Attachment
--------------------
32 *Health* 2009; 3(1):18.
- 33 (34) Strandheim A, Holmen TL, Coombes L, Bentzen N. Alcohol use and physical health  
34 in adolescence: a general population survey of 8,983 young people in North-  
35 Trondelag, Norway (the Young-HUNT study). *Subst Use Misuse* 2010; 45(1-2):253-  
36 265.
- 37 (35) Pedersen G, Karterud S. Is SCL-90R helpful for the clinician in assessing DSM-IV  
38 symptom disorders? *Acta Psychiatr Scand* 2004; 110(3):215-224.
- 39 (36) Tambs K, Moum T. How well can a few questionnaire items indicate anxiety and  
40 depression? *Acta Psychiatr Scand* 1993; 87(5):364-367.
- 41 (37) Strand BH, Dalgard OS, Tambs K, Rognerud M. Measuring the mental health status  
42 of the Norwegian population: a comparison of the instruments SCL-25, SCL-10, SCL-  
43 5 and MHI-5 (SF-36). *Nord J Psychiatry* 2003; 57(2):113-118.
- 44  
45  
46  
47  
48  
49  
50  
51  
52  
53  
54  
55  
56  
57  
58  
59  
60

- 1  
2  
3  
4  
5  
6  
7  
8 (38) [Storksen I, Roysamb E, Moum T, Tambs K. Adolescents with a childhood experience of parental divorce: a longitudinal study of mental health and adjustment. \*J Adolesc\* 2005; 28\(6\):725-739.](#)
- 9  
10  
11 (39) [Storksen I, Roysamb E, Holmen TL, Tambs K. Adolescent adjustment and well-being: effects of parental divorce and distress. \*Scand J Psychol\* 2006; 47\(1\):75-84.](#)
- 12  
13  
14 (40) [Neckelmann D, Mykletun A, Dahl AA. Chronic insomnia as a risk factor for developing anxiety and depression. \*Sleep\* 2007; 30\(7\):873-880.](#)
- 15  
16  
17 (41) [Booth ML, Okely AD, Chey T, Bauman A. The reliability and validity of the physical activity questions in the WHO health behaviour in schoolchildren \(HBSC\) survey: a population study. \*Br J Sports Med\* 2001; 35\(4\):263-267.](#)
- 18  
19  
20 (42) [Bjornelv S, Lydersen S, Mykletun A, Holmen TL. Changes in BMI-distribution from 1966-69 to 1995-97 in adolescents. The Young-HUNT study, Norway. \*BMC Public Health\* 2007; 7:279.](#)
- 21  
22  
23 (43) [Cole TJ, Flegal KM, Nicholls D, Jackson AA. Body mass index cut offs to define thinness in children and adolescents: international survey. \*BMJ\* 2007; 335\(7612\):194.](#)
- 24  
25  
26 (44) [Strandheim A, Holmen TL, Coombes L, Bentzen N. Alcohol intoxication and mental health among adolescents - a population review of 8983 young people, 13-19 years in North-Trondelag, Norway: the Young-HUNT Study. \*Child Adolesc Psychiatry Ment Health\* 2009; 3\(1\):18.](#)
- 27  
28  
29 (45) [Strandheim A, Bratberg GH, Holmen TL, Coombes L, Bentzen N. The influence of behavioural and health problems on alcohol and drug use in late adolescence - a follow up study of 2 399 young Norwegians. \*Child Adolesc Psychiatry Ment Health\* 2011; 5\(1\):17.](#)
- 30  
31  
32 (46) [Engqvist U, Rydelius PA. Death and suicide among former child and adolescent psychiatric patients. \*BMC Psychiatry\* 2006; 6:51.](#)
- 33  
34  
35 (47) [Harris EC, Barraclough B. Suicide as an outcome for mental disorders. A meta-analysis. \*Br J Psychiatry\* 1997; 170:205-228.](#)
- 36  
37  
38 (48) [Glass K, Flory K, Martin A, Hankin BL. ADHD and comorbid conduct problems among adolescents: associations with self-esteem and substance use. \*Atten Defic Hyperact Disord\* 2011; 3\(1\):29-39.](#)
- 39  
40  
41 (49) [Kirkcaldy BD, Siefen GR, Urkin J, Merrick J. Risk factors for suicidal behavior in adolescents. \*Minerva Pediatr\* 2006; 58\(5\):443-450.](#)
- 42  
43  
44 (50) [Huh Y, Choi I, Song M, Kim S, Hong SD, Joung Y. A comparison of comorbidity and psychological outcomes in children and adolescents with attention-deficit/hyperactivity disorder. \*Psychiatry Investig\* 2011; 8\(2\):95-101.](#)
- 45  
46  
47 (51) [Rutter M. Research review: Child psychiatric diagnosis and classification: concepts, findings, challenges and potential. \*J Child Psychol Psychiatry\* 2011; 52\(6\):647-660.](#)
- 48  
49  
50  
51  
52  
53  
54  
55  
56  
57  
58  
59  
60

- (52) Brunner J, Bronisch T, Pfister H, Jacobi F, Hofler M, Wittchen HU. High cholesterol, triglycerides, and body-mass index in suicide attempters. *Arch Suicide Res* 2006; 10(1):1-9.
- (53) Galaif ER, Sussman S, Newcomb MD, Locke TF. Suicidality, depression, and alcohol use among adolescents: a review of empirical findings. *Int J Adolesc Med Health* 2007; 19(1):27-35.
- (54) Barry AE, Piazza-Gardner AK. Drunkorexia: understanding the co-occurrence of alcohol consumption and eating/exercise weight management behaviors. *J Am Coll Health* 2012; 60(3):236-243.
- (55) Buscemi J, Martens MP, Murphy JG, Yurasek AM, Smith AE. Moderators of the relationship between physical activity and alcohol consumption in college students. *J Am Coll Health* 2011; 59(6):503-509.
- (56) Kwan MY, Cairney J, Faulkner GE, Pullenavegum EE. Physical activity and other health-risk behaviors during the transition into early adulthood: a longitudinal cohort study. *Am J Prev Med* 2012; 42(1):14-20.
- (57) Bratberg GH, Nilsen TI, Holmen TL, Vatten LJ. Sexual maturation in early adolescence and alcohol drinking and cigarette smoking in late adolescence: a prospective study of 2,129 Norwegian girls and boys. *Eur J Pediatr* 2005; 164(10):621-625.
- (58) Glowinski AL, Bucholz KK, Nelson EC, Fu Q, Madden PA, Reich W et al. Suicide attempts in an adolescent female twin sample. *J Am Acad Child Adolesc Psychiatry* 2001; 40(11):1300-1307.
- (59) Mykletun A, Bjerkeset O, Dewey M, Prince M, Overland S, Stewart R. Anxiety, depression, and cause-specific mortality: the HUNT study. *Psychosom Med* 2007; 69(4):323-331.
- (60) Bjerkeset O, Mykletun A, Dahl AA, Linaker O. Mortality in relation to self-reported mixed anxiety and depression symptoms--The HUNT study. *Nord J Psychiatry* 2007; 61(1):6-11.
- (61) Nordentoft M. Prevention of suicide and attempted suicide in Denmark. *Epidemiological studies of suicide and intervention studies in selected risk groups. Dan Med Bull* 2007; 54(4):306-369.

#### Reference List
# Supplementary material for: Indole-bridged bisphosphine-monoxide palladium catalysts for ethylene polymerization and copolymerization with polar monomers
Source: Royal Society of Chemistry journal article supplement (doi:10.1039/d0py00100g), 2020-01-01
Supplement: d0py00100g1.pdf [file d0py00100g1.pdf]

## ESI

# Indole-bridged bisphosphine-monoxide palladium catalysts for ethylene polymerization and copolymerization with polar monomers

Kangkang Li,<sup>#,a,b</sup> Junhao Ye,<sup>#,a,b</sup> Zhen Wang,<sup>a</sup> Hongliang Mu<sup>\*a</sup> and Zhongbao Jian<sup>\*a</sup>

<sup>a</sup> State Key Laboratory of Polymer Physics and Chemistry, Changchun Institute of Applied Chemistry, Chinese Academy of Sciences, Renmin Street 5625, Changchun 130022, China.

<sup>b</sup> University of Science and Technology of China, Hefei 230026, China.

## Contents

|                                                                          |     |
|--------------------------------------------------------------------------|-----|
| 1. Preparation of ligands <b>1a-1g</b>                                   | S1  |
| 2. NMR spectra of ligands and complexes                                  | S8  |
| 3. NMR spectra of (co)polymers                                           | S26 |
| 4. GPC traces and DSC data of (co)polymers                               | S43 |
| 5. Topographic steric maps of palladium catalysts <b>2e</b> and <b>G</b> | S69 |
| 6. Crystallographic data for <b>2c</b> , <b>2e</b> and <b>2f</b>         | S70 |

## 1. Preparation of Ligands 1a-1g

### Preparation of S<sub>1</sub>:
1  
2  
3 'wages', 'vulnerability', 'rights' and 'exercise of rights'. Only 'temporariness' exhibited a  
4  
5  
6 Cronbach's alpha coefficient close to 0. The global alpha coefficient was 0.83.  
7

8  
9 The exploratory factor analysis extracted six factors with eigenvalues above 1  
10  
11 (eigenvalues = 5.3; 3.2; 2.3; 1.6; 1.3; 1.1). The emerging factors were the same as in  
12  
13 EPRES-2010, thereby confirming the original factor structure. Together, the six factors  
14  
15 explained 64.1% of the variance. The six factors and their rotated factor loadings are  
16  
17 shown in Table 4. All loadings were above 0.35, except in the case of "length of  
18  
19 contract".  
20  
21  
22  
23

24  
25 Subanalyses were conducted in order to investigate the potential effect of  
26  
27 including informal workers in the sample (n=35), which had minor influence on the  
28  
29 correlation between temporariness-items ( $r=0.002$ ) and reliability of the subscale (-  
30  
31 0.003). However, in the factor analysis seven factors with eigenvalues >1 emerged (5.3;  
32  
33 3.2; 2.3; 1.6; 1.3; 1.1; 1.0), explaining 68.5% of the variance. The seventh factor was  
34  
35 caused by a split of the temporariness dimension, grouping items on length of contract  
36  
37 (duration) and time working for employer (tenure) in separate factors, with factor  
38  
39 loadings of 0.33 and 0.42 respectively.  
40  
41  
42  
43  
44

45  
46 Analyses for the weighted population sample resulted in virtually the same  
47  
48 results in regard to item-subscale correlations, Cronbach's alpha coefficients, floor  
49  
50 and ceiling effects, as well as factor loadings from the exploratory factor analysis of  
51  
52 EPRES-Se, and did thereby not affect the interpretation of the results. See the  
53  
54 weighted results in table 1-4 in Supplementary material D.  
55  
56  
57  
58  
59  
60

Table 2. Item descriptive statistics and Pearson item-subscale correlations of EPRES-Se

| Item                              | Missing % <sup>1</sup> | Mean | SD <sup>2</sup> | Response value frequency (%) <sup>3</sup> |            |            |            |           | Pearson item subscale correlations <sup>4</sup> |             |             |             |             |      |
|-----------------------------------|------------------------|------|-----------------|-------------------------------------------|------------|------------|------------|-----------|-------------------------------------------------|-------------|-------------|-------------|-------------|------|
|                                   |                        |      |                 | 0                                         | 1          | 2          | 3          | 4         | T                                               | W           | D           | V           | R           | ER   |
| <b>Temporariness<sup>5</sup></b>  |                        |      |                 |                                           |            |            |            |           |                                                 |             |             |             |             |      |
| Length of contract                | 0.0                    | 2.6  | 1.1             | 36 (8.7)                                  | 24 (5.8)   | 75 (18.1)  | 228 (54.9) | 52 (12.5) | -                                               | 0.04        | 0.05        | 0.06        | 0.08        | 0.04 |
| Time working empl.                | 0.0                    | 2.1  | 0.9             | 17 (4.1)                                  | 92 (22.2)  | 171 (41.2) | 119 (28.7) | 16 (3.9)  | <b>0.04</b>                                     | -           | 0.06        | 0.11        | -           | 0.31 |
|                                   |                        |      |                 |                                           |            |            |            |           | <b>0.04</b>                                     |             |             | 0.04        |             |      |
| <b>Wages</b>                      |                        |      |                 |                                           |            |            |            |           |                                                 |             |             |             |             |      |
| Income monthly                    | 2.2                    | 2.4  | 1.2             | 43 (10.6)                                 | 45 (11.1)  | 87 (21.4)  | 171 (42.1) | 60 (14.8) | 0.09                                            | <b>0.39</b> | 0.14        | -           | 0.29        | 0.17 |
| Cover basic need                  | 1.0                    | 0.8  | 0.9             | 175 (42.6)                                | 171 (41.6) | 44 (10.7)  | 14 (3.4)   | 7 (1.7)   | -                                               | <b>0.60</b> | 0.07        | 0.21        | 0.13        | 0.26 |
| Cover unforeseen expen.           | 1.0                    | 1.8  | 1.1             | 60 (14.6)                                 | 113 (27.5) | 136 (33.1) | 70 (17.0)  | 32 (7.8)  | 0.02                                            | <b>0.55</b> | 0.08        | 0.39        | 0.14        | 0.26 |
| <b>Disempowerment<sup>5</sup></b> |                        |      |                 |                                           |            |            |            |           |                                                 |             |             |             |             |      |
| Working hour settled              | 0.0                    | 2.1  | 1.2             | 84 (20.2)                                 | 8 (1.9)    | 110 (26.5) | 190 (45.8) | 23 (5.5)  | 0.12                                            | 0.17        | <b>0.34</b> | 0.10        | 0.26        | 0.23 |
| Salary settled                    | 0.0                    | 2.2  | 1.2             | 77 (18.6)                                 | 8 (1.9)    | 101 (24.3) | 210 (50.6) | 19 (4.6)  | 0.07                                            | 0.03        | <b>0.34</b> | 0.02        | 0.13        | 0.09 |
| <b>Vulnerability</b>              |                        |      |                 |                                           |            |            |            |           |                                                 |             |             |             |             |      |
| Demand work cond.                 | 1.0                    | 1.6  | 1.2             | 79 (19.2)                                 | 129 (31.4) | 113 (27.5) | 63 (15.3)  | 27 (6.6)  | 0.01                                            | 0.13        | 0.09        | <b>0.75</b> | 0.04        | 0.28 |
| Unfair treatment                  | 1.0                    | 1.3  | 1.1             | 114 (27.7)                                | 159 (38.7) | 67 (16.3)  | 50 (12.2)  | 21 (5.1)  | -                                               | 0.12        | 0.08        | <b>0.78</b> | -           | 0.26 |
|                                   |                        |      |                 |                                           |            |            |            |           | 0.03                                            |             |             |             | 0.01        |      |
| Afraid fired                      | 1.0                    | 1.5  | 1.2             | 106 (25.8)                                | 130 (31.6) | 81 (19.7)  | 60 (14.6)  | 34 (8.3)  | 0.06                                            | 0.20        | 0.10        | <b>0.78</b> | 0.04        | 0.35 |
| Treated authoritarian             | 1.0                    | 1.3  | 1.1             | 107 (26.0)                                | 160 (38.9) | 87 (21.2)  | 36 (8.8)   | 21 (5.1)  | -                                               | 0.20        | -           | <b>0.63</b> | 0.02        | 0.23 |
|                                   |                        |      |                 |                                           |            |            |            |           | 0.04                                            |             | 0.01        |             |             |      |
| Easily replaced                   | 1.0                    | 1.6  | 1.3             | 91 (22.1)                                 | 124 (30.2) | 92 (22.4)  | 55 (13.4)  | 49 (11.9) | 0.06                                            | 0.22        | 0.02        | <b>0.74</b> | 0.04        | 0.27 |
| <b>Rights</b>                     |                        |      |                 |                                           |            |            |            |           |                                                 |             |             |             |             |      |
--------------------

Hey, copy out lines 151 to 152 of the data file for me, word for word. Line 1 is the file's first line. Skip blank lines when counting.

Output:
32  
33 3.2; 2.3; 1.6; 1.3; 1.1; 1.0), explaining 68.5% of the variance. The seventh factor was  